Eventually, the Knicks lost to the Houston Rockets in the 1994 NBA Finals in a brutal seven-game series and were one Starks made three-pointer away from winning the championship in Game 6, but Hakeem Olajuwon came through with a big block as the buzzer sounded.
Starks is unfortunately most well-known for his 2-of-18 performance in Game 7 of the Finals, but he made the All-Star team that season and ignited New York with his passion on the court.
The following year, the Knicks went 55-27 and forced yet another Game 7, this time against the Indiana Pacers in the Eastern Conference Semifinals. Patrick Ewing missed a finger roll at the buzzer that would have sent that game into overtime.
In 1995-96, Harper and Starks' final season together, the Knicks lost to the 72-10 Chicago Bulls in the Eastern Conference Semifinals, but not before destroying Michael Jordan and Co. in a 104-72 regular season game.
Allan Houston and Latrell Sprewell led the New York Knicks to the 1999 NBA Finals and a 50-win 1999-2000 season that ended with a Eastern Conference Championship series berth the following year. Together, they were the leading scorers on the team for four consecutive seasons (1999-2003).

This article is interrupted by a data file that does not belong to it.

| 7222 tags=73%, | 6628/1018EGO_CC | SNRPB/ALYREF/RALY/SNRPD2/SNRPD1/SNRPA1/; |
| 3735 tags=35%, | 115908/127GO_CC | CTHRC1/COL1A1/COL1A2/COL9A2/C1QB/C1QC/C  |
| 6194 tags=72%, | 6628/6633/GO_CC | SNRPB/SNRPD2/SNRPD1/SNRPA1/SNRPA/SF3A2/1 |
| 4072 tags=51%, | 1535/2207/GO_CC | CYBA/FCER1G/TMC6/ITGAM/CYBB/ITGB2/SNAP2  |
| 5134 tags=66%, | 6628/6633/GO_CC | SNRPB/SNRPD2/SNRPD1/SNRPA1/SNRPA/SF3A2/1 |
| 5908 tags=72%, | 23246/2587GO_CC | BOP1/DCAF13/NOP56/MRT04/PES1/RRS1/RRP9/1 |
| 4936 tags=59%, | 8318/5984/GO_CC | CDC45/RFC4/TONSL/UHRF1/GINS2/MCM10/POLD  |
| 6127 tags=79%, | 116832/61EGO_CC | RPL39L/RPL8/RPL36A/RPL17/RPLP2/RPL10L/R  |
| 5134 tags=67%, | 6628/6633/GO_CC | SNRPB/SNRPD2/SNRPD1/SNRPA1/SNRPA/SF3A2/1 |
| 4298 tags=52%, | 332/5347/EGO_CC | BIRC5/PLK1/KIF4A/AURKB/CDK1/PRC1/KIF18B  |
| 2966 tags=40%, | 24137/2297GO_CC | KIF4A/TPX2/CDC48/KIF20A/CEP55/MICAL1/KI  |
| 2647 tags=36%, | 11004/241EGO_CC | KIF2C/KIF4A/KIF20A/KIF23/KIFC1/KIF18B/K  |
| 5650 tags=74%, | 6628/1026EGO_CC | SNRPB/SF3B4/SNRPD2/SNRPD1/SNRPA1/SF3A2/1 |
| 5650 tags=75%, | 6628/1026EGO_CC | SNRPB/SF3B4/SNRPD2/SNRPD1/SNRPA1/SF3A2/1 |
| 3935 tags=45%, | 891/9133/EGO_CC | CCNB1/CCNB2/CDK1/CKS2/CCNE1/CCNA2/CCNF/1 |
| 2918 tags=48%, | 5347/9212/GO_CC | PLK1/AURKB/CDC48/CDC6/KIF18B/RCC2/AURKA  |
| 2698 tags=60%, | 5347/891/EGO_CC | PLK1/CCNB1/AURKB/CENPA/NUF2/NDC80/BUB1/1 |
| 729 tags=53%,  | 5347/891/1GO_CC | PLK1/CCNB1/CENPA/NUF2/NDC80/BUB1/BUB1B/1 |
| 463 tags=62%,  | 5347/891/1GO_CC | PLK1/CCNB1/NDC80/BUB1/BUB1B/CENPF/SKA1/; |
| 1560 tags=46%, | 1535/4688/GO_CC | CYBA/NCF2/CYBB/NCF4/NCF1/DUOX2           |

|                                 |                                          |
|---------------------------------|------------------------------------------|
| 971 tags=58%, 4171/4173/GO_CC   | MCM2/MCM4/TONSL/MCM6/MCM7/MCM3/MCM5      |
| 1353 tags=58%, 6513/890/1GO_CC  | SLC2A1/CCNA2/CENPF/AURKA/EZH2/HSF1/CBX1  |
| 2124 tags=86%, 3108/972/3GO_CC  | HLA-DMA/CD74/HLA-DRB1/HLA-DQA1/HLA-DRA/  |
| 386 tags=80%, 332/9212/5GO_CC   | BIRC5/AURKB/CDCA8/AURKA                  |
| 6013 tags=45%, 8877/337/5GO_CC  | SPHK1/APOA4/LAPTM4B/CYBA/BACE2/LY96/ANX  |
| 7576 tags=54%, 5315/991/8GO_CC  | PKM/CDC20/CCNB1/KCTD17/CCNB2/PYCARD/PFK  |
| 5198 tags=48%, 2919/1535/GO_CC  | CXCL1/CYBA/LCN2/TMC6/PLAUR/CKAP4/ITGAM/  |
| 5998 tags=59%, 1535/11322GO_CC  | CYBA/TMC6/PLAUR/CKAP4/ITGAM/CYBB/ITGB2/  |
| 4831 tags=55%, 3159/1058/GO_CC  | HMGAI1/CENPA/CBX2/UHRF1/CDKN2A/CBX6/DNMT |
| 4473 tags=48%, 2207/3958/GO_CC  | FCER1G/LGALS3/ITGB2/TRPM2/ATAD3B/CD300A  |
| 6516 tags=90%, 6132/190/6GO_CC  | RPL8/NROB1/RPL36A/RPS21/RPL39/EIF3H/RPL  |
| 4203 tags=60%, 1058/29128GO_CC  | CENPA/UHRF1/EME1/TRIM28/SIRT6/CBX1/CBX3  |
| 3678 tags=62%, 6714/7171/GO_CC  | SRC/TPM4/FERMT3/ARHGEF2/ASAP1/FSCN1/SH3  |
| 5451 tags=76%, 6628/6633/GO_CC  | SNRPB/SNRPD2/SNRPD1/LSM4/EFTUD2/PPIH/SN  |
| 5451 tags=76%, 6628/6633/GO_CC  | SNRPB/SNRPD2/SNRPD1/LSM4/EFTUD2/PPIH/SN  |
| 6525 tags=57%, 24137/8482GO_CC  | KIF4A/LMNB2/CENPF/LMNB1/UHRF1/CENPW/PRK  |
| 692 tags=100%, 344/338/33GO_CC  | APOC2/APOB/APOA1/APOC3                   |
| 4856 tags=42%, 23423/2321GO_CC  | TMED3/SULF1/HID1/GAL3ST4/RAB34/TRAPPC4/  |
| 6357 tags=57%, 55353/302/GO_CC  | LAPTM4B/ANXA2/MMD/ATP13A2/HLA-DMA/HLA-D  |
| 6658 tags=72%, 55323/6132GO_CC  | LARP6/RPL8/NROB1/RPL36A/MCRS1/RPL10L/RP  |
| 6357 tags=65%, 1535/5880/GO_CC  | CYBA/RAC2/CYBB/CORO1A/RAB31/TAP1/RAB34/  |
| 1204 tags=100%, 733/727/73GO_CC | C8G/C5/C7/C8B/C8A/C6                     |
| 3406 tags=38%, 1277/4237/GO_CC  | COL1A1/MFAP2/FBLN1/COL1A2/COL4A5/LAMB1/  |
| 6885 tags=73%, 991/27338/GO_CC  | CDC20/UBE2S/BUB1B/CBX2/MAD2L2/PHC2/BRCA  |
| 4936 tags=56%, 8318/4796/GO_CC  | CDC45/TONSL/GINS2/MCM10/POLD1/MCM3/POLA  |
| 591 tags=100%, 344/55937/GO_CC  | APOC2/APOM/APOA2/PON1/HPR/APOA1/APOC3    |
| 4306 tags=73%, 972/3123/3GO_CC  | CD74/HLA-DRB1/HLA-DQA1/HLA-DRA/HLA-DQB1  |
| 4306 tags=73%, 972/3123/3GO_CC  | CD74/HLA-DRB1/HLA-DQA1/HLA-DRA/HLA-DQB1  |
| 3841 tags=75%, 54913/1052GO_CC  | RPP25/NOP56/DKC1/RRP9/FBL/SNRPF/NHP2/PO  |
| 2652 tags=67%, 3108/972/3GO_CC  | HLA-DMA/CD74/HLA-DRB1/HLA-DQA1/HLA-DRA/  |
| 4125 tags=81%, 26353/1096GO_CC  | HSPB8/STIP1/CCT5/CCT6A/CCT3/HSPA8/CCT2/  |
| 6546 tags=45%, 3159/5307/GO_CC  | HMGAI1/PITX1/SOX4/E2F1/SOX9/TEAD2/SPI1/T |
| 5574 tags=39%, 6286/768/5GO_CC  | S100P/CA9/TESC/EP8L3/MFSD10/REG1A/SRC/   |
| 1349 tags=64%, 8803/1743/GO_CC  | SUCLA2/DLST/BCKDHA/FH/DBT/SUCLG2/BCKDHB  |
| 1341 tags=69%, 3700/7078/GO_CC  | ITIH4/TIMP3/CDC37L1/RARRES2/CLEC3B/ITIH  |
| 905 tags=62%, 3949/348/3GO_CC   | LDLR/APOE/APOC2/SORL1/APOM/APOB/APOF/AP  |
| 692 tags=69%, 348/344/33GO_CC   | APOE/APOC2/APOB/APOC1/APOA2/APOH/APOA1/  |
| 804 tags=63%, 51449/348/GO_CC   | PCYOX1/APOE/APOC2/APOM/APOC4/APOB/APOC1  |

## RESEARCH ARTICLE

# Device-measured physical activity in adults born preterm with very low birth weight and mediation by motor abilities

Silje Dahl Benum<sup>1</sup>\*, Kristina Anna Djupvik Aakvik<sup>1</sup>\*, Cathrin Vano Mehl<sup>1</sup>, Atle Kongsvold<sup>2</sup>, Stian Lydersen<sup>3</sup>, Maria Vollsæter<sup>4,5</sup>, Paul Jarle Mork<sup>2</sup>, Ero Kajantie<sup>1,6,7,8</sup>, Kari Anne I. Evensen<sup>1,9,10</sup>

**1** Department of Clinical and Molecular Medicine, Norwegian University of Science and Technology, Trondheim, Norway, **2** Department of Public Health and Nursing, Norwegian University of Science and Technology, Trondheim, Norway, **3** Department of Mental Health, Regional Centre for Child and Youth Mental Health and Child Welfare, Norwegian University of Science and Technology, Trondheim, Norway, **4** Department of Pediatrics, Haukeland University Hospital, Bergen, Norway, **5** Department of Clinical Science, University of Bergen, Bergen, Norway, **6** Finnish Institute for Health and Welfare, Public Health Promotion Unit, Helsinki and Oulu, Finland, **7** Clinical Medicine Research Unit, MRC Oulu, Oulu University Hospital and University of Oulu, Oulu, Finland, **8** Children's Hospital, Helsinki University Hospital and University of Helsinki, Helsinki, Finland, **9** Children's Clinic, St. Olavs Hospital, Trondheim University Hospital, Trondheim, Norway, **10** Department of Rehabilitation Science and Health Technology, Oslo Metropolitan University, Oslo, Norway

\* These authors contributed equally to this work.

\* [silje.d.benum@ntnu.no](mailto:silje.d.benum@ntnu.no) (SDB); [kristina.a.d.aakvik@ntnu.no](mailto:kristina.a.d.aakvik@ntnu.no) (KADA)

Had Sprewell been a starter in the 1999 season and not the team's sixth man, he may have averaged more than the 16.3 points per game that he did during the Knicks' miracle, strike-shortened season.
Houston's deft jump shooting and savvy veteran play coupled with Sprewell's burning fire and slashing drives led the Knicks to postseason success. If the Knicks front office didn't botch the transition out of the Patrick Ewing era and Jeff Van Gundy stayed on to coach, New York could have been more successful at the beginning of the last decade.
The Knicks didn't help matters by outbidding themselves and offering Houston a $100 million contract that hamstrung them in free agency.
As it was, the end of Houston and Sprewell era was marred by sub-.500 seasons, but they still should be lauded for delaying the mediocrity that was to come.